We compared the effects of body-weight resistance training (BWT), at moderate or high-speed conditions, on muscle power, velocity of movement, and functional performance in older females. In a randomized single-blinded non-controlled trial, participants completed twelve weeks (three sessions/week) of BWT, at high (HST; n=14; age, 70.6±4.3 years) or moderate (MST; n=12; age, 72.8±4.2 years) speeds. Data were analysed with an ANOVA (group×time), with level set at <0.05. After the intervention, timed-up-and-go test performance (p<0.05), and the rising-from-a-chair test mean (22.4%) and maximal velocity (28.5%), mean (24.4%) and maximal power (27.7%), normalized mean (25.1%) and maximal power (28.5%) increased in the HST group (p<0.05). However, the MST group achieved no improvements (p>0.2). We conclude that high-speed BWT is an effective and economically practical strategy to improve the functional capacity of older women, relevant to daily life activities.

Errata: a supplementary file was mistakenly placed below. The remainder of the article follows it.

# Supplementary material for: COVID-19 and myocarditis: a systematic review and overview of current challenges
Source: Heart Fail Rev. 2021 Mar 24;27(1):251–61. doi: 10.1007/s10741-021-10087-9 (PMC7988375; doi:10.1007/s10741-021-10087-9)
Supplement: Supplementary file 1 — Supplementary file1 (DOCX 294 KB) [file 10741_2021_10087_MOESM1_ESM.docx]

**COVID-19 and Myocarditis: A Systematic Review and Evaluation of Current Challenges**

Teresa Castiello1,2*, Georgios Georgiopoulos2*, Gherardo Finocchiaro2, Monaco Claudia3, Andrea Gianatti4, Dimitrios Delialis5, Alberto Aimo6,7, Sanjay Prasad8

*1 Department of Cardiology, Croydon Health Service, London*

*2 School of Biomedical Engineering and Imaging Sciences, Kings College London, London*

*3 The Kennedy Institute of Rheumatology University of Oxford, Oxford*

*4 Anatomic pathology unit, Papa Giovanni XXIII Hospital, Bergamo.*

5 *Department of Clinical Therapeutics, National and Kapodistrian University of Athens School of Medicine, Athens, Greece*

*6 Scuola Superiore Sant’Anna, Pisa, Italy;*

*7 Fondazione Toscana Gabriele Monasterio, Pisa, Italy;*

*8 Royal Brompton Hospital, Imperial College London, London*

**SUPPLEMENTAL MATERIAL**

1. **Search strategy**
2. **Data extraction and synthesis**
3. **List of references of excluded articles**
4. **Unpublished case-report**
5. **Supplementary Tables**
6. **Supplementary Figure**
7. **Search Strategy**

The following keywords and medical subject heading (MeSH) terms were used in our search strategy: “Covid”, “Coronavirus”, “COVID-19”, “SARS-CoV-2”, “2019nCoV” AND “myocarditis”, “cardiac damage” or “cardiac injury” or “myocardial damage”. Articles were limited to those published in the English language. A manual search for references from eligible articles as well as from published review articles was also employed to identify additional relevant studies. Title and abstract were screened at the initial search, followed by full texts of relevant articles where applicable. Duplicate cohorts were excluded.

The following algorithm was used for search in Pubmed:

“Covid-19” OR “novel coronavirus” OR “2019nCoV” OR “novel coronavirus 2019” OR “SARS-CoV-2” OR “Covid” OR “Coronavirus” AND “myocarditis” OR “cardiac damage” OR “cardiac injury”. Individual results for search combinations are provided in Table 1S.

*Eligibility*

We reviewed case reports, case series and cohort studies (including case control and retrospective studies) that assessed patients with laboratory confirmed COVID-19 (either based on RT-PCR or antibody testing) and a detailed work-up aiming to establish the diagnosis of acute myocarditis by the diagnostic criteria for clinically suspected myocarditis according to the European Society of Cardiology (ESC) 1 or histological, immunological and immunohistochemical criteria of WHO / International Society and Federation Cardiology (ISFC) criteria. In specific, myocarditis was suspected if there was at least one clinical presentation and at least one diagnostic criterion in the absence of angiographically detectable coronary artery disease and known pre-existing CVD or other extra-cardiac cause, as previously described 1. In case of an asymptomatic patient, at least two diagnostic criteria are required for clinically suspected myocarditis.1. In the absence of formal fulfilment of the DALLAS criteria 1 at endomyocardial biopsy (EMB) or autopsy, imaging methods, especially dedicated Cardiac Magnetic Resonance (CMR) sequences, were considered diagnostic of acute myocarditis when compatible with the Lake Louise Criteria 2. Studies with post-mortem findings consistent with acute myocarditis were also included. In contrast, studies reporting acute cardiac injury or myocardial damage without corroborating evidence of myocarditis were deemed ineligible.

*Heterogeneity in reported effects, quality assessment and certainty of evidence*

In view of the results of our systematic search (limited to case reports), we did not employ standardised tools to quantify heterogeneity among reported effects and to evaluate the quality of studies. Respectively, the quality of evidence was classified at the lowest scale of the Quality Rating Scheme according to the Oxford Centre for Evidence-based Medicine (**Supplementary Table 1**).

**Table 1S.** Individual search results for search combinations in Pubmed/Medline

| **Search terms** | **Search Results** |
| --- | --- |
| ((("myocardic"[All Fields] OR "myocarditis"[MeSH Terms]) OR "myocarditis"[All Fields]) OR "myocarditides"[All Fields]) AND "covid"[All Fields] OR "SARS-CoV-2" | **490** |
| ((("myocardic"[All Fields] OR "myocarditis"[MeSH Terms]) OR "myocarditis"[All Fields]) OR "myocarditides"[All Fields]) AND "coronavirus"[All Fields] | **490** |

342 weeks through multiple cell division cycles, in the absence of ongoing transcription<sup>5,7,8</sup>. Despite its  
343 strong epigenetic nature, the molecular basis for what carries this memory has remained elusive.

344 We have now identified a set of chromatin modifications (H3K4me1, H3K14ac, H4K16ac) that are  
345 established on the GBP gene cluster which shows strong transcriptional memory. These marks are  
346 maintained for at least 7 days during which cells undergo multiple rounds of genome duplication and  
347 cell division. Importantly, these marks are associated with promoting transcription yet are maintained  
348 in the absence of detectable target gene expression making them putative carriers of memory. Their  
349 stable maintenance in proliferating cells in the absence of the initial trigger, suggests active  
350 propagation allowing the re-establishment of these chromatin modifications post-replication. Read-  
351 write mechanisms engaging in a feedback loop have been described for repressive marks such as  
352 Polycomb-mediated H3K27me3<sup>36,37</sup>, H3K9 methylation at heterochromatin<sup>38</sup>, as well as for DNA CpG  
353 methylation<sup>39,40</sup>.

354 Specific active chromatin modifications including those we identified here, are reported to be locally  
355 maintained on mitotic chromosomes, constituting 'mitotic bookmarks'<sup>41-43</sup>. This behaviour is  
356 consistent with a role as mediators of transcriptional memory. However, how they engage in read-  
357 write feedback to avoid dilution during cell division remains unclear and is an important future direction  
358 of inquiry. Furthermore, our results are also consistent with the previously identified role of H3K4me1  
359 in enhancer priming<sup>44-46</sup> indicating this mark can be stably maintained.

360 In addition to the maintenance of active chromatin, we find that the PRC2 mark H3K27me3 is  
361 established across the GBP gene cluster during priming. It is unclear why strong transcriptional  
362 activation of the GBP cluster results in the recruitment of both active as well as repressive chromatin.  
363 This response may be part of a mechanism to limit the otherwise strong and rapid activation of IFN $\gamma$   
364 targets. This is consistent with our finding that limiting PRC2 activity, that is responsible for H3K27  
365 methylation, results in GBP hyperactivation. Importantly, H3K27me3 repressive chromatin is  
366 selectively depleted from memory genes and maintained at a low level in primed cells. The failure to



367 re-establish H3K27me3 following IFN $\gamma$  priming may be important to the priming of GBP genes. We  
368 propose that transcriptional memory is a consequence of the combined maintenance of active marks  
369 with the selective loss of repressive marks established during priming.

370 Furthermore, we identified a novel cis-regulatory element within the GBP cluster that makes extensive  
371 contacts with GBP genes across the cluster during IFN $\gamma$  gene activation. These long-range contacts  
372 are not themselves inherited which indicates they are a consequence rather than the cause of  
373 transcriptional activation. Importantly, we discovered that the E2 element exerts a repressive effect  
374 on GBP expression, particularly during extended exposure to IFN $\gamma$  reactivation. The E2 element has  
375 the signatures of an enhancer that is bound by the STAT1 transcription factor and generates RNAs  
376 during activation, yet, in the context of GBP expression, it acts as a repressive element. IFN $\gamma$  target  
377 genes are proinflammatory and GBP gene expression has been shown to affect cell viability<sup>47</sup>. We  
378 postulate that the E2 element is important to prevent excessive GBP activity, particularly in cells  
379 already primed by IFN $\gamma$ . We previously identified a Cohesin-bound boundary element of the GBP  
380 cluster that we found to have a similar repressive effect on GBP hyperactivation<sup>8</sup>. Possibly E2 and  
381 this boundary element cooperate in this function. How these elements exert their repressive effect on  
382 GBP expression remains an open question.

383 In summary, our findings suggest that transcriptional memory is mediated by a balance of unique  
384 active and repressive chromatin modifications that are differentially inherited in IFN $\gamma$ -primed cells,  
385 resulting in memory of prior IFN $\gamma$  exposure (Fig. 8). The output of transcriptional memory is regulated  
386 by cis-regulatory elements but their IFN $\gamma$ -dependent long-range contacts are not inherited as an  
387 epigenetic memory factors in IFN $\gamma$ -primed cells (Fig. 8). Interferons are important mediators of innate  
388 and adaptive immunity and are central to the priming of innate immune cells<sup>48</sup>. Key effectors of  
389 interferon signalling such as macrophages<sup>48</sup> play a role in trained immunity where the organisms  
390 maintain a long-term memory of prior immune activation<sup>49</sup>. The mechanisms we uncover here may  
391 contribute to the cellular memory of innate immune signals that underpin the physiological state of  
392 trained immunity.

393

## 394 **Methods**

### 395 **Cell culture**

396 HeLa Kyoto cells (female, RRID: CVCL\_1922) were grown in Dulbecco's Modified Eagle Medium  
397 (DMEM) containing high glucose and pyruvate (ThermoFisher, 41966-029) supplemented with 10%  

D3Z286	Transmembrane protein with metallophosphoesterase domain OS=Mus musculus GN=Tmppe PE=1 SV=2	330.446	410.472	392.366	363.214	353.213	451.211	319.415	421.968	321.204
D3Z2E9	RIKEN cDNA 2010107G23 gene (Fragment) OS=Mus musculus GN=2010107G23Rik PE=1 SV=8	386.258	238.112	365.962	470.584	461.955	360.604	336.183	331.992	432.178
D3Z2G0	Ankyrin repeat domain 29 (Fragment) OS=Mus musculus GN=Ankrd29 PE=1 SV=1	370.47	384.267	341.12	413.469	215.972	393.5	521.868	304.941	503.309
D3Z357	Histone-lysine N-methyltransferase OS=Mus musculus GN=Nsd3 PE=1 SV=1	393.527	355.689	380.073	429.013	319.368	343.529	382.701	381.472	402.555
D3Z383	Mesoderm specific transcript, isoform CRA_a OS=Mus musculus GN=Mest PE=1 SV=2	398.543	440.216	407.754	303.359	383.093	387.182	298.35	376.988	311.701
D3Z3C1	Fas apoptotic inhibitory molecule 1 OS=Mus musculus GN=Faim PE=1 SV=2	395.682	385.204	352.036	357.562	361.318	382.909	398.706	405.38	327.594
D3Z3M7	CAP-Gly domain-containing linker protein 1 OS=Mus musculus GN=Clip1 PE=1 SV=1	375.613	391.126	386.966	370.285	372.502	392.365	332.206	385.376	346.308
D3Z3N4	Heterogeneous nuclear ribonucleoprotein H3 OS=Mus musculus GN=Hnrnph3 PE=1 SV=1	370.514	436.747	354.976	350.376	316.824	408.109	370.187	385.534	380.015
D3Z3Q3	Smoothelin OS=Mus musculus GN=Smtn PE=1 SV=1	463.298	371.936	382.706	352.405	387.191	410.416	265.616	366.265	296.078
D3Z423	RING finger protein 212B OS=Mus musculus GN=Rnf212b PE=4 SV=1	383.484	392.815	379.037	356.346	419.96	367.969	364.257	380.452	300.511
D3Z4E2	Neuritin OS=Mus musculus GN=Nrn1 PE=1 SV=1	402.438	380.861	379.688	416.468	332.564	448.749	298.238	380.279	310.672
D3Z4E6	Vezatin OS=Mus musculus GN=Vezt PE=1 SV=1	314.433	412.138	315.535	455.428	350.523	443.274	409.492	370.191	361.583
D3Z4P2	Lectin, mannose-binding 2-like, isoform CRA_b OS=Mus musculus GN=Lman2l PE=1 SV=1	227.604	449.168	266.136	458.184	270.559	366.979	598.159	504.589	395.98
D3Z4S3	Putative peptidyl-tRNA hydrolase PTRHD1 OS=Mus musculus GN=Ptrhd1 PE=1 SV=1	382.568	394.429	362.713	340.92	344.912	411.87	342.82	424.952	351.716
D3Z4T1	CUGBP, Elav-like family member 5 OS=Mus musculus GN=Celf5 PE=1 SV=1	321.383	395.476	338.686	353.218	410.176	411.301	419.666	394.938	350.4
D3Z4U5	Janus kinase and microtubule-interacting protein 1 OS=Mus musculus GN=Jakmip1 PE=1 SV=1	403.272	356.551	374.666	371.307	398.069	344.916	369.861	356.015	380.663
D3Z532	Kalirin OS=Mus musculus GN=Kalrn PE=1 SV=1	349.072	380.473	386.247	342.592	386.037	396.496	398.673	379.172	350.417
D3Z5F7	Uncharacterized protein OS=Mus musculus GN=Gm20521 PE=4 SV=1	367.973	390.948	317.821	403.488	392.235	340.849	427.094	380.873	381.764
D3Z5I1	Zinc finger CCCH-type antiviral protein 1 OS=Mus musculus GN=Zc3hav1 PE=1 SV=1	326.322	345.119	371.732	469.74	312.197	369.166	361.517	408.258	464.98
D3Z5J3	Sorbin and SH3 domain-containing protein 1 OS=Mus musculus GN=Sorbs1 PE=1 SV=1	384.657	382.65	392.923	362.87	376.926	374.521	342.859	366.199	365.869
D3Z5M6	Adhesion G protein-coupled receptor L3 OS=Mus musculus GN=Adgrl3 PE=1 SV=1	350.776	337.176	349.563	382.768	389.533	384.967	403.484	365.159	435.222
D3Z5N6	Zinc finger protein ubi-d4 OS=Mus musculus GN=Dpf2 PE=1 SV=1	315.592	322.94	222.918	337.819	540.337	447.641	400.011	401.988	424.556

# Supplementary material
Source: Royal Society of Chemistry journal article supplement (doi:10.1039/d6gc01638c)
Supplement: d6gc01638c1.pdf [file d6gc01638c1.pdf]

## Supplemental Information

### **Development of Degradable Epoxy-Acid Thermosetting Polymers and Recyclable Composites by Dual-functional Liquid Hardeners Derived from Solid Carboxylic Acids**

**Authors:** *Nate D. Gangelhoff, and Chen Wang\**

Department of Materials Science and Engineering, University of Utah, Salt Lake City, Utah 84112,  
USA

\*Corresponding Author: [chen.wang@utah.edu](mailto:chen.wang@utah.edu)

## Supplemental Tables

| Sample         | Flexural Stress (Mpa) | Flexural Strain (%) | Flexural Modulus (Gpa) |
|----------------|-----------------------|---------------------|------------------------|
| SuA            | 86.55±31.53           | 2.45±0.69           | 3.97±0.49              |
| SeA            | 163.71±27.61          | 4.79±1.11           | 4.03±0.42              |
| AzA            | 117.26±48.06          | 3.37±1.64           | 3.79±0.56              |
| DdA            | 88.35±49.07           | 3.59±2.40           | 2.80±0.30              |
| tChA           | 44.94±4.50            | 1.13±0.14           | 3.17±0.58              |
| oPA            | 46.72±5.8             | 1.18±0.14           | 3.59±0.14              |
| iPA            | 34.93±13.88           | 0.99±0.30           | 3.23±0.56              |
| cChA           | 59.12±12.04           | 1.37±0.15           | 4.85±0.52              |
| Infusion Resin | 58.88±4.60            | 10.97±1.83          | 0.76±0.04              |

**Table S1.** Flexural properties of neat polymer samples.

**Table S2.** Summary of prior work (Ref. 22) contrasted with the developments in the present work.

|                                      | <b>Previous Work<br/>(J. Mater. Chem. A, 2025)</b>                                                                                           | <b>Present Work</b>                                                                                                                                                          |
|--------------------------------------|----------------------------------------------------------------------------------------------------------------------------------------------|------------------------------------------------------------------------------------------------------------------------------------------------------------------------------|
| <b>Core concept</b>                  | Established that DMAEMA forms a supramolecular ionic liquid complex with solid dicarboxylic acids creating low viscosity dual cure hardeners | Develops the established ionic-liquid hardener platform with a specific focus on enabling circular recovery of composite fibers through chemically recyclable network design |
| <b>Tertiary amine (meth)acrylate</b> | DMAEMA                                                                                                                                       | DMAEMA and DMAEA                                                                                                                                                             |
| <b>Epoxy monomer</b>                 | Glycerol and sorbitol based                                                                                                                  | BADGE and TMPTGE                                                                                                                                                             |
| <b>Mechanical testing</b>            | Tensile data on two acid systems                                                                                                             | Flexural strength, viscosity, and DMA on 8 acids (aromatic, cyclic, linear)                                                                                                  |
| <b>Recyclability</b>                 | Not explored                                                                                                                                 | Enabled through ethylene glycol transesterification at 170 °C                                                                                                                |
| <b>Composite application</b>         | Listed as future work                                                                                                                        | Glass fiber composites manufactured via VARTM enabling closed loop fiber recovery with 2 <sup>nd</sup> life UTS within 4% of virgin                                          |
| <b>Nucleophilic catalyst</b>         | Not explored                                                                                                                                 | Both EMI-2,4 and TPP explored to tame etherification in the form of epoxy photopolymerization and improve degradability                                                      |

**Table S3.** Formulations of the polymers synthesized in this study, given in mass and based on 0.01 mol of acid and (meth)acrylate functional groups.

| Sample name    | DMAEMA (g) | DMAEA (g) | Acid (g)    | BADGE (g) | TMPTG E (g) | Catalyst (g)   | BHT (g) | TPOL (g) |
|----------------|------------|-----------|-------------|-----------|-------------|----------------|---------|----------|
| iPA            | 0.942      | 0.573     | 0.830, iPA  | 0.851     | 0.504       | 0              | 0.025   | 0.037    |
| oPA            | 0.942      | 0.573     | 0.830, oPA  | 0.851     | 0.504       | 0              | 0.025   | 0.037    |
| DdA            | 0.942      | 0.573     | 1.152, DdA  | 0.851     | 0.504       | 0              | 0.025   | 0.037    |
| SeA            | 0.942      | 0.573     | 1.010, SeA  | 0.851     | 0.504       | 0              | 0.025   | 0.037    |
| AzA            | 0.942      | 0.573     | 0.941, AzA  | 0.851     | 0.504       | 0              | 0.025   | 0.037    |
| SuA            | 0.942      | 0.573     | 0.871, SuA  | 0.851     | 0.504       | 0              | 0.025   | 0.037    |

High-speed bodyweight resistance training improves functional performance through maximal velocity in older females